Reality versus Perception

Reality is a funny thing. On the surface, reality seems to shift and flow with the times or with culture. Different groups of people, different epochs, different mores warp reality to fit the desires and wants of the individual.

Or does it?

Reality is steadfast. It endures. It is truth when all else changes. What shifts and warps are our perceptions of reality, which are as fickle as the individual or culture chooses and lasts about as long.

Teenagers are rebellious.
Everybody has sex frequently and with total strangers.
Profanity is as normal as breathing.
All conservatives are bigots, narrow-minded, racist, homophobic idiots.

Pick up any fiction book, whether secular or religious, and you will find most, if not all, of these perceptions of today’s society. What’s really sad is that American writers overlay other cultures with these same perceptions.

Reality shows us a completely different world. I work with 7th-12th graders in a small, rural community. No, these kids are not perfect. They mess up. They get mad, They do thoughtless things at times. But they do not fit the perceptions of the times. Most of these kids are polite. Most don’t use profanity. Most aren’t sleeping around or taking drugs at the drop of a hat. These are great kids to work with and be around. They come from good families–some blended, some different, some ordinary. Their parents are good people, who genuinely care about others and work hard to take care of the community. They come from all walks of life and all cultures. They invest in the future.

Frankly, I’m sick of picking up a book that automatically makes assumptions about me and my culture that are contrary to reality. I miss the stories about ordinary people who hold fast to that which is good. Ordinary people who struggle and strive and succeed in spite of the obstacles because they believe in something greater. Ordinary people who inspire others. These are true stories that happen all the time in our neck of the woods. Yet somehow, writers don’t think it’s “believable,” they don’t think such stories are “realistic.”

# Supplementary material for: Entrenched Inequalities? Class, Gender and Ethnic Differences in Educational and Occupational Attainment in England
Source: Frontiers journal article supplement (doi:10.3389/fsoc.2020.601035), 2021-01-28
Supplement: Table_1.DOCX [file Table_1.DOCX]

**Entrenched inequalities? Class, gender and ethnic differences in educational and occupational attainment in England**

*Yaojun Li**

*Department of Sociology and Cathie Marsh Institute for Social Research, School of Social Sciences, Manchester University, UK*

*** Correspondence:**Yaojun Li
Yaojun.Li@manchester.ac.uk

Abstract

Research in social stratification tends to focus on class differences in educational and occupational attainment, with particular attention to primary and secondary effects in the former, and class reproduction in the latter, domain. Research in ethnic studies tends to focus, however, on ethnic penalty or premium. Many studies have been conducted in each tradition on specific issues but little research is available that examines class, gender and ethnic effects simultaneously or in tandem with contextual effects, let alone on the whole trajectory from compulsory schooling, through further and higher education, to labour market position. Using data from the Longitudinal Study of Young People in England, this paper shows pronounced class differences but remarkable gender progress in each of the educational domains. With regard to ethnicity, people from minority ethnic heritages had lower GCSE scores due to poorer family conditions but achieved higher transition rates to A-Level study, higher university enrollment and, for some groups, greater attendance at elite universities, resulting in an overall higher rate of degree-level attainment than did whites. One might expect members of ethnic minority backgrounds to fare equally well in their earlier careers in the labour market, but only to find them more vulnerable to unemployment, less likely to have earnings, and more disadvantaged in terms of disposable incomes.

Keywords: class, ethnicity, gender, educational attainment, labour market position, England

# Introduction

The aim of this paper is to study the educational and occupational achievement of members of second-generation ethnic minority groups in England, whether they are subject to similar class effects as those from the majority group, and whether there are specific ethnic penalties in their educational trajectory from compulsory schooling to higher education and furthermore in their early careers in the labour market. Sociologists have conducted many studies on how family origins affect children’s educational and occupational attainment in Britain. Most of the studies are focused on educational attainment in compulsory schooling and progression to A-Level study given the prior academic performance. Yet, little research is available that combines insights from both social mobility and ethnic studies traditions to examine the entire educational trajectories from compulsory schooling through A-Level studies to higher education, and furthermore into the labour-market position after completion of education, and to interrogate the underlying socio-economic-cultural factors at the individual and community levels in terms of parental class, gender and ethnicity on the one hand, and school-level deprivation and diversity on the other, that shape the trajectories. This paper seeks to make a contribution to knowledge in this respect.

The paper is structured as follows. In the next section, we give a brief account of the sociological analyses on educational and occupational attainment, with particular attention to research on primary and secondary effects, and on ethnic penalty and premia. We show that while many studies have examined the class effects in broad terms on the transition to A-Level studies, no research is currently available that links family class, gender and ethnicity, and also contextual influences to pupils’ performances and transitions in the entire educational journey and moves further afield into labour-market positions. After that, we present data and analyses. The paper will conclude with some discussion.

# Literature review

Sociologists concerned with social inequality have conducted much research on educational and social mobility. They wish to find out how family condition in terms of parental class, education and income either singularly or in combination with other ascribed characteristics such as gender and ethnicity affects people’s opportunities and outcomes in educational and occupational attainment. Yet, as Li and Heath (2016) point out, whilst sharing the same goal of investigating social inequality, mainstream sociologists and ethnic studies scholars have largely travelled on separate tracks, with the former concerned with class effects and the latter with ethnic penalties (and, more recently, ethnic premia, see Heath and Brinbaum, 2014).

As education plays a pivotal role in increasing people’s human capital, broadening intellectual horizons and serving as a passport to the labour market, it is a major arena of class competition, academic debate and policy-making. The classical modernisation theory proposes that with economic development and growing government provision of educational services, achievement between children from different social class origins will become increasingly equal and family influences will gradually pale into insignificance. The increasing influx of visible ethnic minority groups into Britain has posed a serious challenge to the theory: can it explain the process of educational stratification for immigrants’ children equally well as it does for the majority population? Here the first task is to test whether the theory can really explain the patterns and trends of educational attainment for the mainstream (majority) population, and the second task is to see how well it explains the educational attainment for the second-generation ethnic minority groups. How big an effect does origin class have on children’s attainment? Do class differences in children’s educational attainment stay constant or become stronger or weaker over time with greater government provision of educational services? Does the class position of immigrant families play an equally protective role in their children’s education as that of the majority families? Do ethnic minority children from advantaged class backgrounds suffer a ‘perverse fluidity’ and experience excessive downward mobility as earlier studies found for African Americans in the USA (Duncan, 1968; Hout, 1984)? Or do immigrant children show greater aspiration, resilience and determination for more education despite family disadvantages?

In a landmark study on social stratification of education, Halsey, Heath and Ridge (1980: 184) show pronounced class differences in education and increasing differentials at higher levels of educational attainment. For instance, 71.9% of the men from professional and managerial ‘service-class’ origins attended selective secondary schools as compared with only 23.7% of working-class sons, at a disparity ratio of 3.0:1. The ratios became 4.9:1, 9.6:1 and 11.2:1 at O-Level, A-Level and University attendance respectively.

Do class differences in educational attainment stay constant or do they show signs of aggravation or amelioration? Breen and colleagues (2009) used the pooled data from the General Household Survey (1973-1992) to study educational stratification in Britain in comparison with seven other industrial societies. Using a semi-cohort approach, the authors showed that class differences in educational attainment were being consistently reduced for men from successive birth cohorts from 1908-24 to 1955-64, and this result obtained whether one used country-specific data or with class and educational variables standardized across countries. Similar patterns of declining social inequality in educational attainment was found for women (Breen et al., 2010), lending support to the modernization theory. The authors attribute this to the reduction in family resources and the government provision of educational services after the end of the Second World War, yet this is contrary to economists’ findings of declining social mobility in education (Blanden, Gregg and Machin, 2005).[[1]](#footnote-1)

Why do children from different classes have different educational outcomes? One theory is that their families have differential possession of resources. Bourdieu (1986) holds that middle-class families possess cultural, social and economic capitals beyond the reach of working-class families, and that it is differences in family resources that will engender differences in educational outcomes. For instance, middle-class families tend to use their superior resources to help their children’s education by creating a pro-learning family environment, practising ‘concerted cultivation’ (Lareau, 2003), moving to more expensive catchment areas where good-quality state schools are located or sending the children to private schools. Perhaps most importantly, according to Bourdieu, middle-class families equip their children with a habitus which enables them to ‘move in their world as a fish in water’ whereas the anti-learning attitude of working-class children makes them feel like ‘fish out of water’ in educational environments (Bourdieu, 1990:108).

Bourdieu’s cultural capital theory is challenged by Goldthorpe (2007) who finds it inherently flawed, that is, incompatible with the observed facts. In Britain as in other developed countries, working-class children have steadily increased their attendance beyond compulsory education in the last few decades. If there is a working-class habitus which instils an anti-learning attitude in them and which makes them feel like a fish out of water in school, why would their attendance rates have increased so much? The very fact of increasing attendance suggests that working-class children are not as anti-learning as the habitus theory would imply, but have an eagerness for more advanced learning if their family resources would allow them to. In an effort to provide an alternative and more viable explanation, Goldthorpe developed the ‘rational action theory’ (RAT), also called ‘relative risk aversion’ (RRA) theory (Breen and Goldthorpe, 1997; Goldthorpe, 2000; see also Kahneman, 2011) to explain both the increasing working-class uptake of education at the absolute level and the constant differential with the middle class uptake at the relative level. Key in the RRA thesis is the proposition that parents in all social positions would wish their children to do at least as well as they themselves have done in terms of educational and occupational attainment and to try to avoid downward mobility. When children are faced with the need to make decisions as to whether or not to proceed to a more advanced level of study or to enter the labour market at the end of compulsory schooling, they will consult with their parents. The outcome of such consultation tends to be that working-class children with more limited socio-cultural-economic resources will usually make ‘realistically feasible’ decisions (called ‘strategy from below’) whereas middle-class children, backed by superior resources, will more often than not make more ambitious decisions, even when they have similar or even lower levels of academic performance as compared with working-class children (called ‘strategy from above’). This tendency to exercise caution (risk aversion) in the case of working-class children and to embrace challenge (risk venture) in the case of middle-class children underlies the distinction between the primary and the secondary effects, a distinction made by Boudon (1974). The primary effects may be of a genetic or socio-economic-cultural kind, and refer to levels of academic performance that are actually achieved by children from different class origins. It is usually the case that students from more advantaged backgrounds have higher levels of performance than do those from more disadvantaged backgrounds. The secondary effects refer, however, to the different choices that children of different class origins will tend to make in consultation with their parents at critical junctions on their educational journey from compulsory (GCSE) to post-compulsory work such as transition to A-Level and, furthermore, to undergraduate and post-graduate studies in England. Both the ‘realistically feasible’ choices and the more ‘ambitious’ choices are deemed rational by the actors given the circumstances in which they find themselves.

The other day my husband read a review of a book he enjoyed which stated the book was not “realistic” because there was not one word of profanity in it. “People don’t talk like that.”  I don’t know what world the reviewer lives in, but I feel sorry for him. Where I live, everyone I know talks without using profanity. We don’t sleep around. Our kids are hard workers who are respectful and don’t take drugs or get into trouble.

I think our moral compasses have gotten so far out of whack we can’t tell reality from illusion any longer. Maybe we, as writers, need to get folks back on track by creating interesting stories with real heroes. They exist in this world. Why not in fiction?


Posted on 2013/09/15, in Uncategorized. Bookmark the permalink. 2 Comments.

  1. Excellent observations!
    And yes, it’s truly sad that such stereotypes are mistaken for reality. Stories of ordinary people struggling against the odds don’t seem dramatic enough for too many readers and writers. Not thrilling enough, not daring enough — if there’s no adrenalin rush, it must not be real enough. Sex sells, profanity sells; therefore, what sells must be real.

    It reflects not reality but the desire to escape from reality, from the ordinary struggles, the drudgery in which we can’t see true heroes as they quietly strive, day in and day out, against things which seem to have no resolution, no victory in sight. But if we accept the fringe sensationalist definition of what reality is, we lose the ability to see with clarity. We forfeit the reality in which we can also become heroes in our own lives.

  2. Exactly! However, it takes a strong sense of personal rightness to go against the mainstream. Which is why such books are few and far between.

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